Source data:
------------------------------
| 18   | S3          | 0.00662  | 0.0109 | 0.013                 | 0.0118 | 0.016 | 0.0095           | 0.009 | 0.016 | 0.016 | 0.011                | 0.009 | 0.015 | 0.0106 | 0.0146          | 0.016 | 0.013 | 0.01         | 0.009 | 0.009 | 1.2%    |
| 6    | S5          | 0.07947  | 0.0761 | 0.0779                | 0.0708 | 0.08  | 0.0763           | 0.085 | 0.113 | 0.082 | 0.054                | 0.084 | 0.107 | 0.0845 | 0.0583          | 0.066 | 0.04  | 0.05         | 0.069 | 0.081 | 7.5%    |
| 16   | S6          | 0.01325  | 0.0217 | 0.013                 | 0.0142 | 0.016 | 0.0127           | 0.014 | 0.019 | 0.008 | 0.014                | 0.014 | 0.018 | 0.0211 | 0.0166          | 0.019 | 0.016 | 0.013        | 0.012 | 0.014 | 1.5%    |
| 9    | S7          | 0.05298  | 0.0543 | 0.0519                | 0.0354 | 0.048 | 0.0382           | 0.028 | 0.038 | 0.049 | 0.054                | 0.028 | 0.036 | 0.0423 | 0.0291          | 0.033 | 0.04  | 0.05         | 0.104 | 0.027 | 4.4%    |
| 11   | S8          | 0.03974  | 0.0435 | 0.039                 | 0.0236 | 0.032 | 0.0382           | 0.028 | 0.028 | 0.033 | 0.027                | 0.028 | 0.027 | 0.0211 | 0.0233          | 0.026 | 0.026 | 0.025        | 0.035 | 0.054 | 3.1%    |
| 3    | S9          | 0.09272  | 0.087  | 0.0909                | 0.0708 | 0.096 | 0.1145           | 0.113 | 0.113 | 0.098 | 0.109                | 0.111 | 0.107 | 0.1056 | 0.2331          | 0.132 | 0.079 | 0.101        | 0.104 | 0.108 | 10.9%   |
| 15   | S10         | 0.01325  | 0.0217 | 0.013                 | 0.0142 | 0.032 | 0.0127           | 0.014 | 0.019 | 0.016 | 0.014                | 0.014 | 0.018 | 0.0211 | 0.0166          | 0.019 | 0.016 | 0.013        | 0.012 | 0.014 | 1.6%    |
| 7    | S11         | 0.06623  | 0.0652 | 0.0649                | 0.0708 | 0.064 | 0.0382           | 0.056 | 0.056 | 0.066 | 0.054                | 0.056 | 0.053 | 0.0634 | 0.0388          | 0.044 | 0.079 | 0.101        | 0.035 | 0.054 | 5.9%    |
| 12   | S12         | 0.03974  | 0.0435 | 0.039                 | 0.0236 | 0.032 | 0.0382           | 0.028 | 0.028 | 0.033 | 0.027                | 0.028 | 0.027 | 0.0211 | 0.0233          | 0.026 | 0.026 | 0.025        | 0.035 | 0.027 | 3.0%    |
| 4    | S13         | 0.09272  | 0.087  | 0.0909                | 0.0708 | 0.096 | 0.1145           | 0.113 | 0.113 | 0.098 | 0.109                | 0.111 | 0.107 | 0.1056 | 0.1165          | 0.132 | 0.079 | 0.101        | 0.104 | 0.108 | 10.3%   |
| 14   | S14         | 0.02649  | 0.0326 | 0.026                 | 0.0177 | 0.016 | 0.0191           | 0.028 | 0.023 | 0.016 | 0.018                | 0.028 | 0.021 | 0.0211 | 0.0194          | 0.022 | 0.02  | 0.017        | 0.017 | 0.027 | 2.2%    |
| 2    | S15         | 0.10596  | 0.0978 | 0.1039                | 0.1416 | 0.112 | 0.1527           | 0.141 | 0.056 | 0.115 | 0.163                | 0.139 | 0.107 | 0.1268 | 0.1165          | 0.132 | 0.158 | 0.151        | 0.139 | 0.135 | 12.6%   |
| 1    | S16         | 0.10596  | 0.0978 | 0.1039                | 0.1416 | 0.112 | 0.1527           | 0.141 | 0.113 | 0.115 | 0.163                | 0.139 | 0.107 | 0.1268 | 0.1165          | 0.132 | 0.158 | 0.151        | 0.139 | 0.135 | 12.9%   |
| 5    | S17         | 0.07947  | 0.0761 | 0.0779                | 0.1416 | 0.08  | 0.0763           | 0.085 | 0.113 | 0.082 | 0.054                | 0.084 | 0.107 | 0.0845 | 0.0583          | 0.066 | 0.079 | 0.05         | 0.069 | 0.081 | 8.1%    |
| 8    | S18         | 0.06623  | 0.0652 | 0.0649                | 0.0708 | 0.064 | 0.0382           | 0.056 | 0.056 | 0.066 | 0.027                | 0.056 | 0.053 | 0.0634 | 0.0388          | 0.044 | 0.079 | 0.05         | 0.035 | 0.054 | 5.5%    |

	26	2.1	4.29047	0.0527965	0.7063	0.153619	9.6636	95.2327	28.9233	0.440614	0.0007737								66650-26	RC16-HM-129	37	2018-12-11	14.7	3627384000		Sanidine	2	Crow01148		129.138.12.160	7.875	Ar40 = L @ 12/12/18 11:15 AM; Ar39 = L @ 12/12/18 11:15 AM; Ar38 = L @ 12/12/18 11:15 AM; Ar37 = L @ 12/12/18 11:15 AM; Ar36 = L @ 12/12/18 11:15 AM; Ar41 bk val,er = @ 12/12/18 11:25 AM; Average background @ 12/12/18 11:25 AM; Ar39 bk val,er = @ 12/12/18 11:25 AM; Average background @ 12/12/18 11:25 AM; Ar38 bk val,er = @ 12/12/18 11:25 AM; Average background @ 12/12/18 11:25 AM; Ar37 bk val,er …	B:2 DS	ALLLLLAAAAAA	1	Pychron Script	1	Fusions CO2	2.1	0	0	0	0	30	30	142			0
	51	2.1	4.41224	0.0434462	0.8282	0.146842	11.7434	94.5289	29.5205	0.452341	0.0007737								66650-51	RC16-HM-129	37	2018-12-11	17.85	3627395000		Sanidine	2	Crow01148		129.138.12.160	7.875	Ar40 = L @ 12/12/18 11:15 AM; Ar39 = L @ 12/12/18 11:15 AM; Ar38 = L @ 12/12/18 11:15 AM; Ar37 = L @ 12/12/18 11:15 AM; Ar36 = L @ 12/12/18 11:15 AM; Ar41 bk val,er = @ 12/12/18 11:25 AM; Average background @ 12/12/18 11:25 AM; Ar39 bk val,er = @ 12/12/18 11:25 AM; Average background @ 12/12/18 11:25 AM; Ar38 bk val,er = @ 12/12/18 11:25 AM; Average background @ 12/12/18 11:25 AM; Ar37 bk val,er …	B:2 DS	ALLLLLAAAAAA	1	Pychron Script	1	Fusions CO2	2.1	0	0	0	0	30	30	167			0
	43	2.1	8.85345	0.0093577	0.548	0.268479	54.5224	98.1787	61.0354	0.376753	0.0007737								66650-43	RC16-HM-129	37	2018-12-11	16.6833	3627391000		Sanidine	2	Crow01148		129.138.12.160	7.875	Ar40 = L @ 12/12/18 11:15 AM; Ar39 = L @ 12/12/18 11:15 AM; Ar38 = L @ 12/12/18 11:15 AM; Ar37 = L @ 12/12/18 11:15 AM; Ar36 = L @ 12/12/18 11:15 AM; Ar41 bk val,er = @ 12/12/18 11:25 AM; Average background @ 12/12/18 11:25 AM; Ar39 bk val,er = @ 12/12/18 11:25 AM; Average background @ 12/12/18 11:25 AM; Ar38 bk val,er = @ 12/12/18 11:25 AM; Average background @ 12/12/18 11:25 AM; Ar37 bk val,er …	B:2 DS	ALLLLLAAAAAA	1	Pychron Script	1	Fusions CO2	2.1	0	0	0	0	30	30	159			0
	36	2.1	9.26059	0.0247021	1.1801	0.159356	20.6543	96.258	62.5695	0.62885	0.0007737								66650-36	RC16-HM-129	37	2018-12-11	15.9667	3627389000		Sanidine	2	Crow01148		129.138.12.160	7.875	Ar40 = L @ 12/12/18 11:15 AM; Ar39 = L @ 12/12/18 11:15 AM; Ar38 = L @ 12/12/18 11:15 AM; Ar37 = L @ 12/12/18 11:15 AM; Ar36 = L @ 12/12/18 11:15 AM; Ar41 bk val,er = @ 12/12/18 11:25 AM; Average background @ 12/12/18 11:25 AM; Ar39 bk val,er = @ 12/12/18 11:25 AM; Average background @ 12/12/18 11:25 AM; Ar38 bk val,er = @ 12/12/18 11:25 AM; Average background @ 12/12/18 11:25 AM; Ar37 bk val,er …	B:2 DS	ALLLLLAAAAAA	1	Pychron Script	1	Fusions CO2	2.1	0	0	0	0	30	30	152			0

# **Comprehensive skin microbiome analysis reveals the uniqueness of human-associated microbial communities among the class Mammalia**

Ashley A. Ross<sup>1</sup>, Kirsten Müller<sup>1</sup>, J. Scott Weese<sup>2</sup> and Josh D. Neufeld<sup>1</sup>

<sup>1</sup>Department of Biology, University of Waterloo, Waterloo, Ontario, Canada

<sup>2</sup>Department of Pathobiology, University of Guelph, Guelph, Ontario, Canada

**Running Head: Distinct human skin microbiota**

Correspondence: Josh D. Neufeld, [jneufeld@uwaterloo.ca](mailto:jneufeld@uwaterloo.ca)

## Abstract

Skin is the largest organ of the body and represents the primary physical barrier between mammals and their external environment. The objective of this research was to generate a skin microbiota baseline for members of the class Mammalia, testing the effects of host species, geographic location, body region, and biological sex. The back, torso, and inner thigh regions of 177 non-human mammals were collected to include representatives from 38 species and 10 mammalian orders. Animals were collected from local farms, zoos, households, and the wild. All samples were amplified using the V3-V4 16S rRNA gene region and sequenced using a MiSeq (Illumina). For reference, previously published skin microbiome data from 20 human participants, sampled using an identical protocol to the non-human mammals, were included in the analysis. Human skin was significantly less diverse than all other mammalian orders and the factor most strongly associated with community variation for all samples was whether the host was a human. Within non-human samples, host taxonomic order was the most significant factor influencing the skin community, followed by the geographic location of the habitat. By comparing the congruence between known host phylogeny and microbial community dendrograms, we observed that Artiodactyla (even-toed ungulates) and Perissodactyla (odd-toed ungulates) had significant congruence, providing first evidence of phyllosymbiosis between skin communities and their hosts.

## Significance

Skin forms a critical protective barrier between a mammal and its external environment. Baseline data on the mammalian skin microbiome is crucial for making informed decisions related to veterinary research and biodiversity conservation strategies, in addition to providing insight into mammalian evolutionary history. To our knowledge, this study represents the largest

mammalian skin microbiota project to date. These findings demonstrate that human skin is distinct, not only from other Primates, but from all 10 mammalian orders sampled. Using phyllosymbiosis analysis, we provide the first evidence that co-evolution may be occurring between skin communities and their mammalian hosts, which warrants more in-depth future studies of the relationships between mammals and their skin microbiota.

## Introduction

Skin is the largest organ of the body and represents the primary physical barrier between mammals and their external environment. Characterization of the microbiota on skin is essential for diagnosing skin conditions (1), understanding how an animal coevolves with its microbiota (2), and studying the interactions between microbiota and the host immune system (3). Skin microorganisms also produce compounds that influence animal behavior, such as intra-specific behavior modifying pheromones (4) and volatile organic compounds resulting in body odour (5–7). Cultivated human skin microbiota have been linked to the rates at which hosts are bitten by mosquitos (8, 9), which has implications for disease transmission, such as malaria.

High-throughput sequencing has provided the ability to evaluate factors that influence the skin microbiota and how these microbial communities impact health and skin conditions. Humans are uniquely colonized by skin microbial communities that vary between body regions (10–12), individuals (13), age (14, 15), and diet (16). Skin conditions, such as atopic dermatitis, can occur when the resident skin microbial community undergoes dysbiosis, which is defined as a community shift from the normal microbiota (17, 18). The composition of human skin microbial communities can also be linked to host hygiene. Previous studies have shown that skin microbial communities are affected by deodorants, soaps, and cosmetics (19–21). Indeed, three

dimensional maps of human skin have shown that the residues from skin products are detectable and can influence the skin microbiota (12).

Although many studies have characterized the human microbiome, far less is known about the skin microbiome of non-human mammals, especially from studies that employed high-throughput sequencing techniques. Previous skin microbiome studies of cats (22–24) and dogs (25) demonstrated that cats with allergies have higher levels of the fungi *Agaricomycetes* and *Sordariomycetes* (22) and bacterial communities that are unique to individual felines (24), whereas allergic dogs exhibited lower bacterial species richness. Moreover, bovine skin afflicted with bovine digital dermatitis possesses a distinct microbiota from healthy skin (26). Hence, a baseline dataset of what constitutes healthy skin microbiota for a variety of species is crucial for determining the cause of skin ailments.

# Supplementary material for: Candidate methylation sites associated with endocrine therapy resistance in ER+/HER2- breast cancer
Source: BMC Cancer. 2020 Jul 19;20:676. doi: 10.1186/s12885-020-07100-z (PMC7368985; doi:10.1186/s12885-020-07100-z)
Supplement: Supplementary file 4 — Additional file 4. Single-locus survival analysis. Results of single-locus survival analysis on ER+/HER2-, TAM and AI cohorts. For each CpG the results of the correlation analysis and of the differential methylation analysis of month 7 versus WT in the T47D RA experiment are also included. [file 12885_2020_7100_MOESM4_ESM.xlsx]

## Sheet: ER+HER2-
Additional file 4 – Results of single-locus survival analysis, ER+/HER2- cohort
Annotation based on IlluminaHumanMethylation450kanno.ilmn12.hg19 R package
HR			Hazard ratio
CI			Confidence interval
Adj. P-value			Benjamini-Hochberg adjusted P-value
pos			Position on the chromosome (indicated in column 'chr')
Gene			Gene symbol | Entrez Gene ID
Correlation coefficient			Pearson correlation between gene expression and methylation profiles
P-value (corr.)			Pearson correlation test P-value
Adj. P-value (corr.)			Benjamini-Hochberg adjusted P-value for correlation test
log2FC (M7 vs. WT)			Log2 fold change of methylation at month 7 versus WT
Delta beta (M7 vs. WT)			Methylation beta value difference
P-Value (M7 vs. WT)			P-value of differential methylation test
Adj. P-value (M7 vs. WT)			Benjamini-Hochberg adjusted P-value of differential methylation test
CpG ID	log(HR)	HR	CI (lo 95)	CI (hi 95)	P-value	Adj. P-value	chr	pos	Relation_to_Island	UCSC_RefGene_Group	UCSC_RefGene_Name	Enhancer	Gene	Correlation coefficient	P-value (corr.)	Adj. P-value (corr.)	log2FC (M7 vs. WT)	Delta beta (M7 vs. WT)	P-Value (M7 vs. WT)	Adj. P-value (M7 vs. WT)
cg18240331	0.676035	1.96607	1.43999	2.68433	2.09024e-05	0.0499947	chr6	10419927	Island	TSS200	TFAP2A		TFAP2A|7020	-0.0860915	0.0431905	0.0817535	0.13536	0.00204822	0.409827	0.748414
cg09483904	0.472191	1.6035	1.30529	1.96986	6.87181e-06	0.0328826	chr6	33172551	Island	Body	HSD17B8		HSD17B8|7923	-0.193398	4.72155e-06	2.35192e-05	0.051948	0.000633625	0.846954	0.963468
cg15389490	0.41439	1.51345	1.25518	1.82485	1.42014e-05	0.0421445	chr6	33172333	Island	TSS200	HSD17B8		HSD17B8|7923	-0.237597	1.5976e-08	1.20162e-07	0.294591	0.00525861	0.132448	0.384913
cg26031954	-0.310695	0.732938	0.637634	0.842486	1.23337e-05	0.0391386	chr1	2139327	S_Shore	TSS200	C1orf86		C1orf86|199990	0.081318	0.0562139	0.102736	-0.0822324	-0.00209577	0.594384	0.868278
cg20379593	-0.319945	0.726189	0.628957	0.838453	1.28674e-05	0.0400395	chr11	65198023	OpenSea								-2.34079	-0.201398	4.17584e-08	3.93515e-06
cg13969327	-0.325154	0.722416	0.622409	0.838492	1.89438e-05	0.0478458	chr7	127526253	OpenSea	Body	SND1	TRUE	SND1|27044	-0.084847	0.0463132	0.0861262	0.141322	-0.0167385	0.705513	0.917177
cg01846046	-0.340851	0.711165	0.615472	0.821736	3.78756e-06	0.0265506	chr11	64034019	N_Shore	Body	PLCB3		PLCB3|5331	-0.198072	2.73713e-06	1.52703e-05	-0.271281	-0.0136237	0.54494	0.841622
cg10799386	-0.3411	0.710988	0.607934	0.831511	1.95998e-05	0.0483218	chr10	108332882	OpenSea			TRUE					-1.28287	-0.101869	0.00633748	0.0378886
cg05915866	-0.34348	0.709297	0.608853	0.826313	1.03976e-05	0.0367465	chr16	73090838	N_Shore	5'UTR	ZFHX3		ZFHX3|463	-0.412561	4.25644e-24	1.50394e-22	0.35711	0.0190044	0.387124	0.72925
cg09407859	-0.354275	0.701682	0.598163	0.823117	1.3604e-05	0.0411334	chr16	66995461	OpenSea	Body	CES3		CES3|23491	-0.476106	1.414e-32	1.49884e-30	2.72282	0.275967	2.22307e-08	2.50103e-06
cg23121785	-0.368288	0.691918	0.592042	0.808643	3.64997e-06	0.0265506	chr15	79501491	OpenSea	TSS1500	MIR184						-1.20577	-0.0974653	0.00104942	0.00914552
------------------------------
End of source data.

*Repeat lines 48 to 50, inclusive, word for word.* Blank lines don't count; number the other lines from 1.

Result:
P-value (corr.)			Pearson correlation test P-value
Adj. P-value (corr.)			Benjamini-Hochberg adjusted P-value for correlation test
log2FC (M7 vs. WT)			Log2 fold change of methylation at month 7 versus WT